In a world chalk-full of dating apps, it is safe to say that Tinder did not exactly have the "big new thing" ingredient that helped launch Instagram. But what it lacked in originality it made up for in simplicity. You see, most dating apps demand a lot of information from you - stuff like interests, physical attributes, specific preferences and what you are looking for in a partner. But the creators of Tinder boiled it down to a much simpler formula: You see a person's photo. Like them, swipe right. Don't like them, swipe left. If you both swipe right, you have the opportunity to chat.

Sure, the app is not exactly something Jane Austen would approve of, but for all the ways it circumnavigates conventional courtship, it has proven to be a major draw for impatient and unsentimental millennials (and others). On a daily basis, there are 500 million swipes. Of those, 5 million turn out to be matches. The key to this app's continued success is its simplicity. The ease with which people can go on and swipe through photos for a few minutes is what keeps them coming back. And it does not all lead to meaningless hookups. Indeed, every once in a while Tinder is responsible for a genuinely inspired pairing such as this couple.

Ingredient 3: Strong Design (Shazam)
Ever hear a song come on at a grocery store or office building and desperately want to know what it is? For people with Shazam on their phone, there will never be any more sense of sonic mystery. The app is built to identify songs just by being placed near to where they are playing. As far as originality on concept goes, there is no denying that Shazam has that same "big new thing" factor as Instagram. But it also offers another key ingredient: a very robust design.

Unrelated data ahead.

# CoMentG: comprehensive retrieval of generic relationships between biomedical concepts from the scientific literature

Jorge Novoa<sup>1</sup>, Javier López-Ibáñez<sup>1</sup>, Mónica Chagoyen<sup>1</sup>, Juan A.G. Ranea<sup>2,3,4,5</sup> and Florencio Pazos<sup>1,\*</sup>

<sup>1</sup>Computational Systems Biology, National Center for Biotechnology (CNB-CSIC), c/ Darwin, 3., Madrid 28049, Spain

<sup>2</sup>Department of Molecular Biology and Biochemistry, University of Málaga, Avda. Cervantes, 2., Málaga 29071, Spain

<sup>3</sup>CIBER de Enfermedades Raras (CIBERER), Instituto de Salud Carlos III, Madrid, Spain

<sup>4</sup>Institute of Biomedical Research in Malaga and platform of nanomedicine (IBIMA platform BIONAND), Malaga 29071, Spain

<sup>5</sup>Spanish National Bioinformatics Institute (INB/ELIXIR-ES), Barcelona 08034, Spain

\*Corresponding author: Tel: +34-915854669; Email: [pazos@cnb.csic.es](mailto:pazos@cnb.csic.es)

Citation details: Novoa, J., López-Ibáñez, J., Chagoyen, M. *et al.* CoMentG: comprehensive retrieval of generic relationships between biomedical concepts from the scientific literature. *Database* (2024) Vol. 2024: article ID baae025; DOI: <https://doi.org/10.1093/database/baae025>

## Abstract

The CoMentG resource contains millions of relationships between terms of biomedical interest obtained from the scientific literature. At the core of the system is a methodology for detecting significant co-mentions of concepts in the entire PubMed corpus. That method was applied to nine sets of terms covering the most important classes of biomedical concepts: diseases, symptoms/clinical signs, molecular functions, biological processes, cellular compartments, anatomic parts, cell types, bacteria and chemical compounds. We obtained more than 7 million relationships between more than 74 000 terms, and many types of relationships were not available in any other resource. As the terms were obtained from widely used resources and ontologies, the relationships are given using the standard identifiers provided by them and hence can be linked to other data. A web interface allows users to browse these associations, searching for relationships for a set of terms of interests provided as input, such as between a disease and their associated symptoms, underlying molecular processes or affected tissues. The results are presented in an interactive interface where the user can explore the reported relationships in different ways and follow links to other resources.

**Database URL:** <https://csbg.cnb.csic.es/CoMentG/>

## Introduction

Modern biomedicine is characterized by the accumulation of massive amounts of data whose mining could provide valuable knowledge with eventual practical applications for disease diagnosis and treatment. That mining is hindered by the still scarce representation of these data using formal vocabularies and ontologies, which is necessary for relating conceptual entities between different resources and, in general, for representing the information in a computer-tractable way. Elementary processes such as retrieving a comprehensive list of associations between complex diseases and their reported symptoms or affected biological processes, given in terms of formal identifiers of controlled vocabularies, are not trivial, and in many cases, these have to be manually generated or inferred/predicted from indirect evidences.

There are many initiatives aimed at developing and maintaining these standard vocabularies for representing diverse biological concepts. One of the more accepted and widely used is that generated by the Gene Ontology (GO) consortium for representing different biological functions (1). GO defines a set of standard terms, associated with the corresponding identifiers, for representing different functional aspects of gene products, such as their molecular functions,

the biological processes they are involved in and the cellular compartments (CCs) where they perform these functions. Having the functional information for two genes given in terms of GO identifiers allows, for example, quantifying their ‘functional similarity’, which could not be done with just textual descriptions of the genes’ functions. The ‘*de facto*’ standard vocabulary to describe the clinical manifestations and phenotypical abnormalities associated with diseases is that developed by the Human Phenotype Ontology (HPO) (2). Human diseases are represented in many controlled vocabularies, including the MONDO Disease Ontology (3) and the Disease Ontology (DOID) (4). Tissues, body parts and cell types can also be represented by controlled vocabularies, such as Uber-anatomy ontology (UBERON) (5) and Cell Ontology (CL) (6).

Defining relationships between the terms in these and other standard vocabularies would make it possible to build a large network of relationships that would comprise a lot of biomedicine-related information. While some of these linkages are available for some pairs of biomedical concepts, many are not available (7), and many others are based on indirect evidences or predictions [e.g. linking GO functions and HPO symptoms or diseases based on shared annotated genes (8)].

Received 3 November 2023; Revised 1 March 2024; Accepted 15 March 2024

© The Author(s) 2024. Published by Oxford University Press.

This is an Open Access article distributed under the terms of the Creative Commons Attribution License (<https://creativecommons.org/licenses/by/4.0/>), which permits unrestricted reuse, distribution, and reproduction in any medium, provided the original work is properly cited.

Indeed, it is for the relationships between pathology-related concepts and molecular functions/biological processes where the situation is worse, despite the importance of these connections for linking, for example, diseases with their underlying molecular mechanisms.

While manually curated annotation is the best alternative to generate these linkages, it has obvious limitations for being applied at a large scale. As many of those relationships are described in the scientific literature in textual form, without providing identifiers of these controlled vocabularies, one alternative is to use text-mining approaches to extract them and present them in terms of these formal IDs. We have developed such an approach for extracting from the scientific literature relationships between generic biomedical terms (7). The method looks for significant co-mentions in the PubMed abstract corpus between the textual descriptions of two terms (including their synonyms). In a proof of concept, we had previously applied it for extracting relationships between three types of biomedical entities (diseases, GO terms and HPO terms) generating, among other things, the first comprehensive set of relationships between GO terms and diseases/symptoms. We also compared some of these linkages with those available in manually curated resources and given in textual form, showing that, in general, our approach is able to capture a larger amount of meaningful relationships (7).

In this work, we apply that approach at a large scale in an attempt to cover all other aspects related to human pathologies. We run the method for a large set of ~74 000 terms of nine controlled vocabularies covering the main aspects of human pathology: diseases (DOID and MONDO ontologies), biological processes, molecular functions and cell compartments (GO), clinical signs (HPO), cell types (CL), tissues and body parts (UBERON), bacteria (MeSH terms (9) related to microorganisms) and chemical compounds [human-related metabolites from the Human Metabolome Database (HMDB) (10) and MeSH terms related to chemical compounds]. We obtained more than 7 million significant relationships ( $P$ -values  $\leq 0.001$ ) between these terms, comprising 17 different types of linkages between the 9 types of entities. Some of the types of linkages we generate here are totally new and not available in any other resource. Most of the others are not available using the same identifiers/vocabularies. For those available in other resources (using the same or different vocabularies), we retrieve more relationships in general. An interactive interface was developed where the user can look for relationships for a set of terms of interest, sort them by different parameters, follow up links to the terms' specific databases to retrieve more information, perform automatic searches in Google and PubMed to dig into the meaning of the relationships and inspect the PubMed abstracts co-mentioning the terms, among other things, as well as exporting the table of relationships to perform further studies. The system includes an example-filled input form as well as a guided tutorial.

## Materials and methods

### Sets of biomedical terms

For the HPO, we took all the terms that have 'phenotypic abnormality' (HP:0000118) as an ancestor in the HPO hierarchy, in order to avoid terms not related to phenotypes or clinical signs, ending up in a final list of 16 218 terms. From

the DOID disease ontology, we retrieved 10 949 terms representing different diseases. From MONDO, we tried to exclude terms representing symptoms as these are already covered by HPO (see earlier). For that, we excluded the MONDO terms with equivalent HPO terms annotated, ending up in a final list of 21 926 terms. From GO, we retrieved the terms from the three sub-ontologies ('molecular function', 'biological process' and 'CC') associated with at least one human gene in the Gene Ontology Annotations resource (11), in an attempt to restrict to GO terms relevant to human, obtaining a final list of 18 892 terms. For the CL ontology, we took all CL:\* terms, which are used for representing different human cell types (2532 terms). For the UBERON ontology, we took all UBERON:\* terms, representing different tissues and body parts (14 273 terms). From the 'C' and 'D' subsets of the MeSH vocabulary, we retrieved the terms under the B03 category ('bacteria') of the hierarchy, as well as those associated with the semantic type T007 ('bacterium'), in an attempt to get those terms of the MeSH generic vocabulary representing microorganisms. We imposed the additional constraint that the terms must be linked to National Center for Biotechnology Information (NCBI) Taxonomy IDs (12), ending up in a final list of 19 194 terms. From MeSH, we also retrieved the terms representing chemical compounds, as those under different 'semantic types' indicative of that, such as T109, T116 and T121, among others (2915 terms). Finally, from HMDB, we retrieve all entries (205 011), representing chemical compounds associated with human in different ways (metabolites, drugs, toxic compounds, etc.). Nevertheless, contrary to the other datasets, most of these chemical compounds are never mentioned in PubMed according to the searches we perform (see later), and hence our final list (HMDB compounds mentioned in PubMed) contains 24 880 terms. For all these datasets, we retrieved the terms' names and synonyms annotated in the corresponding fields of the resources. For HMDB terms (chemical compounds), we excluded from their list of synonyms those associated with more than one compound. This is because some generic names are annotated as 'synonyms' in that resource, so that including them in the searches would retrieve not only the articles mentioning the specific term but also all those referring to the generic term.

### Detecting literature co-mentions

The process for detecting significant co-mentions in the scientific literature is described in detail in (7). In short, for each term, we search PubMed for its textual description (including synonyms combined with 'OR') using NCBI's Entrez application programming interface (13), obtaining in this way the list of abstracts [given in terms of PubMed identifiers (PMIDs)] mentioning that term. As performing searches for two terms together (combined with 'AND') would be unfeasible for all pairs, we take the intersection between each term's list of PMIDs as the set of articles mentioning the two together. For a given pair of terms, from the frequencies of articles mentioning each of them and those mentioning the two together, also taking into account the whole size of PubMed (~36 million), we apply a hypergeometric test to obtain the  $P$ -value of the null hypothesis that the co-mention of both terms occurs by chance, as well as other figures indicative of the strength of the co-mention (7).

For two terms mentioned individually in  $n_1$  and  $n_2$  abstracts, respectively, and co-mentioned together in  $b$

When you put your phone in the vicinity of an unknown song to learn its information, the app does not only provide you with a title. In addition, it will provide you with an album cover and artist, and, if applicable, the option to download the tune or listen to it for free. In this way, it becomes not just an app for identification, but also a portal for music listening thanks to the ease of its design.

"This app is absolutely fantastic!" one user raved on Instagram. "It allows you to get names and artists for those songs that you know, but don't actually know ... This app is making my life tons better. This app is so great, it is the only app that I actually bother to review."

Between these three ingredients, you have some building blocks for designing a successful app. To help further in that effort, consider leveraging HTML5 Form to design the app. Not only does this platform provide a highly navigable format, but it is also eminently adaptable, and can therefore easily accommodate any modifications to your app that will arise. So what are you waiting for?